‘Hotel to Home’ by Sophie Bush: the story of how traditional industrial design has inspired cool, contemporary décor.

This lavishly illustrated book takes the armchair traveller on a global journey to peek inside the most original revamped buildings from Berlin to Cape Town, Chicago to London, Sydney to Singapore: destinations for design enthusiasts. Sophie Bush is the founder of Warehouse Home, a biannual magazine and interior design service,  specialising in the industrial aesthetic for bold, contemporary style. 

When I travel, I hope to be inspired. Wherever I go, I try to stay in hotels with authentic stories and exceptional interiors. I am always looking for new ideas.”

Sophie Bush

The recent evolution of hotel design is fascinating.  Finding American hotels too large, old fashioned and impersonal, compared to his travels in Europe, Bill Kimpton opened the first, so called, Boutique hotel in 1981, The Bedford, San Francisco.  Three years later, Ian Schrager followed suit, launching Morgans on Madison Avenue, NYC, the first of a worldwide collection. Their respective vision was all about creative design & local culture, cocktail bars and modern cuisine, in-house music with personal attention from haute couture dressed staff.  Distinctive, desirable places to eat, drink, socialise, sleep, dream.

If the buzz words today are conservation and sustainability, then the re-imagining of disused factories and warehouses to create unusual Boutique hotels and private residences is a brilliant solution to preserve urban architectural heritage.  

This book features forty unique hotels, their stunning industrial architecture creatively preserved where steel structures, wooden beams and concrete walls now offer exciting and atmospheric places to stay with bold style and vintage vibe.

Architecture should speak of its time and place, but yearn for timelessness.’

Frank Gehry

The Titanic Hotel, Liverpool – a former rum factory

Formerly an old rum factory built in 1848, The Titanic Hotel, Liverpool overlooks Stanley Dock and is named after the legendary ship which was christened and set sail to New York from the city in 1912.  Now its exposed red bricked walls, iron columns and vaulted ceilings retain a sense of the its ‘spiritual’ history, juxtaposed with leather, tweed and wool furnishings.

A spacious suite in the Titanic Hotel

Soho House Chicago is a converted belt and leather tannery (1907). Now the vast concrete warehouse has been converted into a ‘Hip and happening’ private Club, full of impressive art work including by Damien Hirst.  The magnificent Drawing room has spacious soft velvet booths, chandeliers and polished parquet flooring.

Soho House, Chicago – the Drawing Room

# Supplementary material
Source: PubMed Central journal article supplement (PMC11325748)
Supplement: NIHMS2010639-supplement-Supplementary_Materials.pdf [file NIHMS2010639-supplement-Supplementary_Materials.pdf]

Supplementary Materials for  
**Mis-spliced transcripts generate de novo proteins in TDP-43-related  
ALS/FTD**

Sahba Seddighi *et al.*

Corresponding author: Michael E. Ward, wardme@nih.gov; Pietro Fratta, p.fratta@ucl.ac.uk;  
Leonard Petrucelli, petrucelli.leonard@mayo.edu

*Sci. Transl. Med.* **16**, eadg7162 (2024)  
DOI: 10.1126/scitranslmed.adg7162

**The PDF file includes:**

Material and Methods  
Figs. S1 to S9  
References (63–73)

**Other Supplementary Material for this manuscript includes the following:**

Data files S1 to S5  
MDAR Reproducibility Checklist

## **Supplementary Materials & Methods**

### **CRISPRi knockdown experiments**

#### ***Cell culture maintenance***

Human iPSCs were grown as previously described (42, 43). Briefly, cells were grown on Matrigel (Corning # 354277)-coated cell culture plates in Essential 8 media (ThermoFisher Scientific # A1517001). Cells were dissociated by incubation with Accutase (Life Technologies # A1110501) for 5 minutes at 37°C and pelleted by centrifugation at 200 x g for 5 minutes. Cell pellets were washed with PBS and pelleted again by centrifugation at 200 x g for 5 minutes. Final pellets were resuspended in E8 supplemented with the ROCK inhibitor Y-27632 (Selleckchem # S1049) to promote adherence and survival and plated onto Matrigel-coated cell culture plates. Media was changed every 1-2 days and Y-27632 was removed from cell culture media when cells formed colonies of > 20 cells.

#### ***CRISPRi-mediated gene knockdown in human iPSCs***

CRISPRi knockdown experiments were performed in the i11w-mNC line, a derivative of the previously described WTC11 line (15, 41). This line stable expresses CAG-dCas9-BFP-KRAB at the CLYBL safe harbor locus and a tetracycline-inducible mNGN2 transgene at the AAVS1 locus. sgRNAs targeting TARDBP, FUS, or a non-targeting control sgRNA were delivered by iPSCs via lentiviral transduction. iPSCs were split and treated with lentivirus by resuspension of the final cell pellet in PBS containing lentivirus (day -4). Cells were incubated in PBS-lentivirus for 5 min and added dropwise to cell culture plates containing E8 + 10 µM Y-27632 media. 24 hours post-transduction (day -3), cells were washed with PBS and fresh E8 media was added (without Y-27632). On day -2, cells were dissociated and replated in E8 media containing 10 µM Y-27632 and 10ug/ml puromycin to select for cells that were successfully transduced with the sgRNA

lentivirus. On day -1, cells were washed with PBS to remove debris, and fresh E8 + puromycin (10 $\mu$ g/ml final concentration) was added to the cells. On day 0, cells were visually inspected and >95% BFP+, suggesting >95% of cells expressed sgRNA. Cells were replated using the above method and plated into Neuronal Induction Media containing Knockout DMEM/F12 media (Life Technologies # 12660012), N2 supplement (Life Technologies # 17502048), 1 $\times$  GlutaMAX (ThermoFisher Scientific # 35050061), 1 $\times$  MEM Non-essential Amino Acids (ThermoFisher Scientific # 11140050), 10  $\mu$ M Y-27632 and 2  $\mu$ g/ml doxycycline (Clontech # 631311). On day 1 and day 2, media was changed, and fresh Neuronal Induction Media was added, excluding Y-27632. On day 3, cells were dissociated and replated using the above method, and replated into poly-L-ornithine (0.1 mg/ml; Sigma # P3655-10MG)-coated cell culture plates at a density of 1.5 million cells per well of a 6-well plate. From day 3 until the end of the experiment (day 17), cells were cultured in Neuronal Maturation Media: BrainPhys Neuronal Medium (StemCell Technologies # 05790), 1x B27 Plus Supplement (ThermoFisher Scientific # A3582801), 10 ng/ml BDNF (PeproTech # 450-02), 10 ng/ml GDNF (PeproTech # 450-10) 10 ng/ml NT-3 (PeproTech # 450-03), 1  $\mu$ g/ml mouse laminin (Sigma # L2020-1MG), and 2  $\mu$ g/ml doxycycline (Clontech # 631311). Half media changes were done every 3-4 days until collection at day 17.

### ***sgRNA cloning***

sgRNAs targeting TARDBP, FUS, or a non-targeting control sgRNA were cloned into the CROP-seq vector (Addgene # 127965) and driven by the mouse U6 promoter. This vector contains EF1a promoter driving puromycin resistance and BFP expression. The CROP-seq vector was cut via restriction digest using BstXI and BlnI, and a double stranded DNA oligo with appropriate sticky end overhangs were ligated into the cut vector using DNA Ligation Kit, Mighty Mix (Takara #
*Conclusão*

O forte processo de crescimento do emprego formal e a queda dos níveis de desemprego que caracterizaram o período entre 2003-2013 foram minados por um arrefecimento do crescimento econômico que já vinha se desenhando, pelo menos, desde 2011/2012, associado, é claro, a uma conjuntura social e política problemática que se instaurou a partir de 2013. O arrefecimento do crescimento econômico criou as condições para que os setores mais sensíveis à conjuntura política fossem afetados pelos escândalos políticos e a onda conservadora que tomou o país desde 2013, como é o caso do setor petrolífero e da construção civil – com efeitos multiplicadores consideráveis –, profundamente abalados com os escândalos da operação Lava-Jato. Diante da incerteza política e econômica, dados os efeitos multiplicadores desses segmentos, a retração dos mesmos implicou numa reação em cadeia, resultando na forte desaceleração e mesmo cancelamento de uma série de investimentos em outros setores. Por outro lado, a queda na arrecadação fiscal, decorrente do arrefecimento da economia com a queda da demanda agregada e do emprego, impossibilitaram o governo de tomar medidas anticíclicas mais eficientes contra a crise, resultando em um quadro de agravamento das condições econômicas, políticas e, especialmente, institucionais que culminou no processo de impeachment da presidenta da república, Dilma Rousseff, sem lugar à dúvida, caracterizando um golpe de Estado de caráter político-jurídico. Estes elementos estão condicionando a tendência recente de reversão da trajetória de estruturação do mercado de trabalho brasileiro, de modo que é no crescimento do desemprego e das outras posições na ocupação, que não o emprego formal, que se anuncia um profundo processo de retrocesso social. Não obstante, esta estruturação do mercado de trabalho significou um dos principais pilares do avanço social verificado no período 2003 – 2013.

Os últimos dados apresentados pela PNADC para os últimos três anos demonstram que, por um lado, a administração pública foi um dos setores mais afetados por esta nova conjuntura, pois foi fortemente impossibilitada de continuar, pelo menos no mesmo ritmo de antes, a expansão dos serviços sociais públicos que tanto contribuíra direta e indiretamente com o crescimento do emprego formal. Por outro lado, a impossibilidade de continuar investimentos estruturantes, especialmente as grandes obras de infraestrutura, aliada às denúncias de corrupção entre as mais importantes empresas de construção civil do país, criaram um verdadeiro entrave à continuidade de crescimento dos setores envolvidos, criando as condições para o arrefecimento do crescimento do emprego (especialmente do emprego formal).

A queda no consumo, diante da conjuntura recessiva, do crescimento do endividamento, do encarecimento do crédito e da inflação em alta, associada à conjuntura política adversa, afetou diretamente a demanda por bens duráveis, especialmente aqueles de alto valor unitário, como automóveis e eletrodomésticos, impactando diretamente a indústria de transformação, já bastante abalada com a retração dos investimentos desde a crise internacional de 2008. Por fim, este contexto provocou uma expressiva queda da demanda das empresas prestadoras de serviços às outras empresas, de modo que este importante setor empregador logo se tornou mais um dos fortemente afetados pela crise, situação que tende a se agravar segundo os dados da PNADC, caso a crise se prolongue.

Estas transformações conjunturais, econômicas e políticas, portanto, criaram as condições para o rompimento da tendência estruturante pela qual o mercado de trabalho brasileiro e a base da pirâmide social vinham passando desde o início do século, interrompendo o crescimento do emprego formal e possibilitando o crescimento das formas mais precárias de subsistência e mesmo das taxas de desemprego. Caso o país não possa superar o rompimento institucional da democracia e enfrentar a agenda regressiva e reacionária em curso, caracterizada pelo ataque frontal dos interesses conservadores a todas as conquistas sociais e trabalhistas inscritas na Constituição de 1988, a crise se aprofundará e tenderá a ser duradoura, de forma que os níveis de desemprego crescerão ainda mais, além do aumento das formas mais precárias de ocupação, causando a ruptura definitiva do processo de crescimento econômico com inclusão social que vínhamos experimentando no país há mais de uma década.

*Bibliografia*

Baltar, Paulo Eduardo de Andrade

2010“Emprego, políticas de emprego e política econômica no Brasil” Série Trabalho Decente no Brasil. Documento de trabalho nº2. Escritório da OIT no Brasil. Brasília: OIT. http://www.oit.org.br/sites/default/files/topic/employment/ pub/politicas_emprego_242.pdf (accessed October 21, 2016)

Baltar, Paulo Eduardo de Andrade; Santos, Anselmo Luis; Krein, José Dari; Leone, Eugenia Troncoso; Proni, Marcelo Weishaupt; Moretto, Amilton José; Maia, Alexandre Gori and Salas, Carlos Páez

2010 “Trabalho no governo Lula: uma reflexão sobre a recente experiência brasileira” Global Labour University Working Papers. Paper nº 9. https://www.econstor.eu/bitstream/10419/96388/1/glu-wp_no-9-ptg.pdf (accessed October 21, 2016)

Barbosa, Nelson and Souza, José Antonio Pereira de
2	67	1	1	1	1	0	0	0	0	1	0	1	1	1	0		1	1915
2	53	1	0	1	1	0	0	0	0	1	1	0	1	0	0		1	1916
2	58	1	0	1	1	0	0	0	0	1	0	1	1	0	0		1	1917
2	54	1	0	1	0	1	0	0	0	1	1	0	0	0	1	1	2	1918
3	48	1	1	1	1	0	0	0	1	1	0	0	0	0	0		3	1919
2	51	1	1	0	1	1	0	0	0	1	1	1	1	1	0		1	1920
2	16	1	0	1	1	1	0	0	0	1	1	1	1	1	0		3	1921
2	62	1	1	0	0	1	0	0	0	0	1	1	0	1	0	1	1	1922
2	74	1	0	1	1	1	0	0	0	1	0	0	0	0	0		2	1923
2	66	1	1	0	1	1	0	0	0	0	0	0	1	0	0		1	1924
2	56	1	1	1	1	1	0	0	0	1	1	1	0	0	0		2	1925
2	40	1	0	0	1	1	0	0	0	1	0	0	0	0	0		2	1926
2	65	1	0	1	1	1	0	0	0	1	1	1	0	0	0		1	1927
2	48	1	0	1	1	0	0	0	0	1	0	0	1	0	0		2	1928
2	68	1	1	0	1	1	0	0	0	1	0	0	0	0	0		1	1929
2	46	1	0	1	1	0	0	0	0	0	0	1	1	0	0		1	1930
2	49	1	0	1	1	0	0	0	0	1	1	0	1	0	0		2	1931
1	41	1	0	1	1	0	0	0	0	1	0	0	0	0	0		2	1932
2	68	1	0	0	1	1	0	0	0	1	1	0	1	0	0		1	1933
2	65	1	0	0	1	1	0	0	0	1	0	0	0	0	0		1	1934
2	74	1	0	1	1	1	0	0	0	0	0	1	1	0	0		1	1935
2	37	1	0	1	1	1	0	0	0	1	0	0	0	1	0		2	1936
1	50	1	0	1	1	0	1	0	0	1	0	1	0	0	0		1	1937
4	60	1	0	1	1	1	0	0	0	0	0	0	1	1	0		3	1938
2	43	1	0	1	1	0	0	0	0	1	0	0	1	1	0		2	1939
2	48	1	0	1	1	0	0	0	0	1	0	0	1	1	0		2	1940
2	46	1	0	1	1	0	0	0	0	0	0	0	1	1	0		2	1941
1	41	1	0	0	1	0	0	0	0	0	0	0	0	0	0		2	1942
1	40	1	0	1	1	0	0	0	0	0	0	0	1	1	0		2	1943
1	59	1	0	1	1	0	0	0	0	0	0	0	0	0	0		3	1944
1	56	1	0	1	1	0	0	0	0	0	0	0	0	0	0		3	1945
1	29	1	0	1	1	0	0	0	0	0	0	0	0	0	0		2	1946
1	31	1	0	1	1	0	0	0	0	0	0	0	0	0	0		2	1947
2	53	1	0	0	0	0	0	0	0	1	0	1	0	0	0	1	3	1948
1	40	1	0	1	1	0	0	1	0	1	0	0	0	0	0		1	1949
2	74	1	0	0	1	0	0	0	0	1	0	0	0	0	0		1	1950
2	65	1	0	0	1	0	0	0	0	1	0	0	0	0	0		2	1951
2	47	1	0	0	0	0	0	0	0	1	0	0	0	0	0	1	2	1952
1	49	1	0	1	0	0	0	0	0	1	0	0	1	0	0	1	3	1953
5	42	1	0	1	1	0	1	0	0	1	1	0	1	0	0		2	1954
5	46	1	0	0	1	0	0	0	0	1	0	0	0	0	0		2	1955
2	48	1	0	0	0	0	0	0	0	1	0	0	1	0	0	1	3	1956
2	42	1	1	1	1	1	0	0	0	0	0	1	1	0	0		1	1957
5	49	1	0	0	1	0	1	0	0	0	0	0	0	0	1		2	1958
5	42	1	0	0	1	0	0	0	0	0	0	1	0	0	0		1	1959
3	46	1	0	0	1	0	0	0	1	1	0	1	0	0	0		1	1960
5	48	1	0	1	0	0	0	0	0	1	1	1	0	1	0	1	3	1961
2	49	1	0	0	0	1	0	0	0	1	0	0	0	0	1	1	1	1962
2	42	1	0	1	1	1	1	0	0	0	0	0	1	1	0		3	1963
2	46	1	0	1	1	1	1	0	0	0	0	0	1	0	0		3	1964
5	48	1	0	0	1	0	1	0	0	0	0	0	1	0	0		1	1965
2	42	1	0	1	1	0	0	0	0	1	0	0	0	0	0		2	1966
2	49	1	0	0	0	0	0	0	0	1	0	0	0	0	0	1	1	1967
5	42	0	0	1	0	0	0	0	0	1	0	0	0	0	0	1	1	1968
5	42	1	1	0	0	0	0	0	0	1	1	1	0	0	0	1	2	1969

The long forgotten 19th century Pearl Brewery is the charming, characterful setting for Hotel Emma, San Antonio, Texas, named after the heroic Prohibition era owner, which preserves the machinery, brickwork and distressed plasterwork with ‘timeless elegance.’ Furnished with Moroccan kilim rugs and leather armchairs, this is the place to chill out and sip a Texan craft beer.

Gorgeous George is an intimate, homely 32 bedroom, Boutique hotel in the inner city district of Cape Town, converted from two Art Deco and Edwardian buildings: wood panelling, brass and copper pipes with smart white tiles in the classic bathrooms.  As a cultural, arty, local hub, it’s described as “a living room for the neighbourhood.’

Gorgeous George – concrete, wood and leather materials decorate the bar and restaurant

The magnificent Zeitz Mocaa Museum, Cape Town showcasing African art, fashion and design, is located within a former grain Silo (1921) and its innovative restoration by the Heatherwick Studio, London, won a Global tourism award in 2019 from the British Guild of Travel Writers.  

The Silo Hotel entrance preserves the industrial heritage

On the top six floors above the Museum is the Silo Hotel with 18 foot windows for spectacular views over to Table Mountain and the Bay. The décor is a charming blend of Asian and European antiques, silk and velvet fabrics and African artwork. Stay in one of the 28 guestrooms including a Penthouse, all individually designed, and relax in the rooftop Bar.

The roof top bar at The Silo, overlooking Table Mountain

We created interiors to complement the stark industrial architecture with stylish, comfortable, decorative elements.”

Liz Biden, The Silo, Royal Portfolio Hotels.

A former United Artists Film Company office is now the address of the Ace Hotel Downtown, Los Angeles, a 1920s Gothic building partly inspired by Gaudi’s Sagrada Familia, Barcelona. Preserving the original structure, the décor focuses on Californian and Mexican culture and design – The Best Girl restaurant is named after the first movie screened at the UA theatre in 1927.

Ace Hotel, Downtown Los Angeles

The range of former industrial buildings is richly eclectic such as a former Cheese-making factory converted into the Ace Hotel, Chicago. The design concept is Bauhaus with bold, clean lines, plywood panels and chrome tubing, with a black, white and grey palette. The Bar has scenic views over the city skyline.

Ace Hotel, Chicago – a dramatic shower room

Clerkenwell, London is a buzzing neighbourhood of pubs, restaurants and creative businesses where The Zetter. Reminiscent of the slender shape of the Flatiron, NYC, the eco-friendly conversion of this Victorian warehouse retained sash windows, sourced vintage furniture and created a light-filled atrium with a changing showcase of art and sculpture. Rooftop rooms and a split level, circular Suite with private terraces offer panoramic views.